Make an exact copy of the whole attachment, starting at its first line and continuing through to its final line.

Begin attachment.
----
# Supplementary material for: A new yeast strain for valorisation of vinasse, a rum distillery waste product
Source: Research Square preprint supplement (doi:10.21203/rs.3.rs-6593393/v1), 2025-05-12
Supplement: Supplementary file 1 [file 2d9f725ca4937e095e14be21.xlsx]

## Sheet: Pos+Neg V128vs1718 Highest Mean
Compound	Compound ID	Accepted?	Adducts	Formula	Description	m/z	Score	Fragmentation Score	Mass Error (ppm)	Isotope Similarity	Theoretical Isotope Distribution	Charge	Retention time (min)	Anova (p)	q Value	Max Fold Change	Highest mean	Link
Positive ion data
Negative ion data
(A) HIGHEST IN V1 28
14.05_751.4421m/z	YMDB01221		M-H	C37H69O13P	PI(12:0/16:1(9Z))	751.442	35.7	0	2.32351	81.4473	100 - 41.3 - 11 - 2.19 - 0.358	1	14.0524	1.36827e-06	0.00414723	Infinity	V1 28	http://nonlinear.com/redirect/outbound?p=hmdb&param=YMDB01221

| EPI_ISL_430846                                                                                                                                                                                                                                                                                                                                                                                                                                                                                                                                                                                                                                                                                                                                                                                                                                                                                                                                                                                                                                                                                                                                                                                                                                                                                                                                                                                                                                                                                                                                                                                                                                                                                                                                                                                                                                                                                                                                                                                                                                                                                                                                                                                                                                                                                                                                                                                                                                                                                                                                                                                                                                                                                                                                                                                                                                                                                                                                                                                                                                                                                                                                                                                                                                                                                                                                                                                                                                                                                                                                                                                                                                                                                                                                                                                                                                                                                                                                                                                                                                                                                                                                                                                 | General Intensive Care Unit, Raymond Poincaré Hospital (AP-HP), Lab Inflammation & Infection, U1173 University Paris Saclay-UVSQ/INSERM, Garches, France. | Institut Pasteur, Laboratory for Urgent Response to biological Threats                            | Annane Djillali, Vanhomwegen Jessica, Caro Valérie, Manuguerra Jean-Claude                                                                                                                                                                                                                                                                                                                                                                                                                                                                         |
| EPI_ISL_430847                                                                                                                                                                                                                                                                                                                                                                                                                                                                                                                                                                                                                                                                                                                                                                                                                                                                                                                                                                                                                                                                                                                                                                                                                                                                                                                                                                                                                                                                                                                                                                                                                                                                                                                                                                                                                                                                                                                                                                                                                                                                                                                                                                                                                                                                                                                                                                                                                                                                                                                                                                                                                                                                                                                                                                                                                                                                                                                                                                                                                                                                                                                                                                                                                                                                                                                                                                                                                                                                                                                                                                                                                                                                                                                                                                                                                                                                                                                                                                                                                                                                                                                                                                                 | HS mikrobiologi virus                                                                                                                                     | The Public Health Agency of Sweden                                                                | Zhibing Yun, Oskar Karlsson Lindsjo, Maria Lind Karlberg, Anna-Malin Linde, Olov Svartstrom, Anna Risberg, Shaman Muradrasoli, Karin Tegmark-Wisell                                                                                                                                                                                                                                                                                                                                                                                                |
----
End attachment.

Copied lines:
# Supplementary material for: A new yeast strain for valorisation of vinasse, a rum distillery waste product
Source: Research Square preprint supplement (doi:10.21203/rs.3.rs-6593393/v1), 2025-05-12
Supplement: Supplementary file 1 [file 2d9f725ca4937e095e14be21.xlsx]

## Sheet: Pos+Neg V128vs1718 Highest Mean
Compound	Compound ID	Accepted?	Adducts	Formula	Description	m/z	Score	Fragmentation Score	Mass Error (ppm)	Isotope Similarity	Theoretical Isotope Distribution	Charge	Retention time (min)	Anova (p)	q Value	Max Fold Change	Highest mean	Link
Positive ion data
Negative ion data
(A) HIGHEST IN V1 28
14.05_751.4421m/z	YMDB01221		M-H	C37H69O13P	PI(12:0/16:1(9Z))	751.442	35.7	0	2.32351	81.4473	100 - 41.3 - 11 - 2.19 - 0.358	1	14.0524	1.36827e-06	0.00414723	Infinity	V1 28	http://nonlinear.com/redirect/outbound?p=hmdb&param=YMDB01221

| EPI_ISL_430846                                                                                                                                                                                                                                                                                                                                                                                                                                                                                                                                                                                                                                                                                                                                                                                                                                                                                                                                                                                                                                                                                                                                                                                                                                                                                                                                                                                                                                                                                                                                                                                                                                                                                                                                                                                                                                                                                                                                                                                                                                                                                                                                                                                                                                                                                                                                                                                                                                                                                                                                                                                                                                                                                                                                                                                                                                                                                                                                                                                                                                                                                                                                                                                                                                                                                                                                                                                                                                                                                                                                                                                                                                                                                                                                                                                                                                                                                                                                                                                                                                                                                                                                                                                 | General Intensive Care Unit, Raymond Poincaré Hospital (AP-HP), Lab Inflammation & Infection, U1173 University Paris Saclay-UVSQ/INSERM, Garches, France. | Institut Pasteur, Laboratory for Urgent Response to biological Threats                            | Annane Djillali, Vanhomwegen Jessica, Caro Valérie, Manuguerra Jean-Claude                                                                                                                                                                                                                                                                                                                                                                                                                                                                         |
| EPI_ISL_430847                                                                                                                                                                                                                                                                                                                                                                                                                                                                                                                                                                                                                                                                                                                                                                                                                                                                                                                                                                                                                                                                                                                                                                                                                                                                                                                                                                                                                                                                                                                                                                                                                                                                                                                                                                                                                                                                                                                                                                                                                                                                                                                                                                                                                                                                                                                                                                                                                                                                                                                                                                                                                                                                                                                                                                                                                                                                                                                                                                                                                                                                                                                                                                                                                                                                                                                                                                                                                                                                                                                                                                                                                                                                                                                                                                                                                                                                                                                                                                                                                                                                                                                                                                                 | HS mikrobiologi virus                                                                                                                                     | The Public Health Agency of Sweden                                                                | Zhibing Yun, Oskar Karlsson Lindsjo, Maria Lind Karlberg, Anna-Malin Linde, Olov Svartstrom, Anna Risberg, Shaman Muradrasoli, Karin Tegmark-Wisell                                                                                                                                                                                                                                                                                                                                                                                                |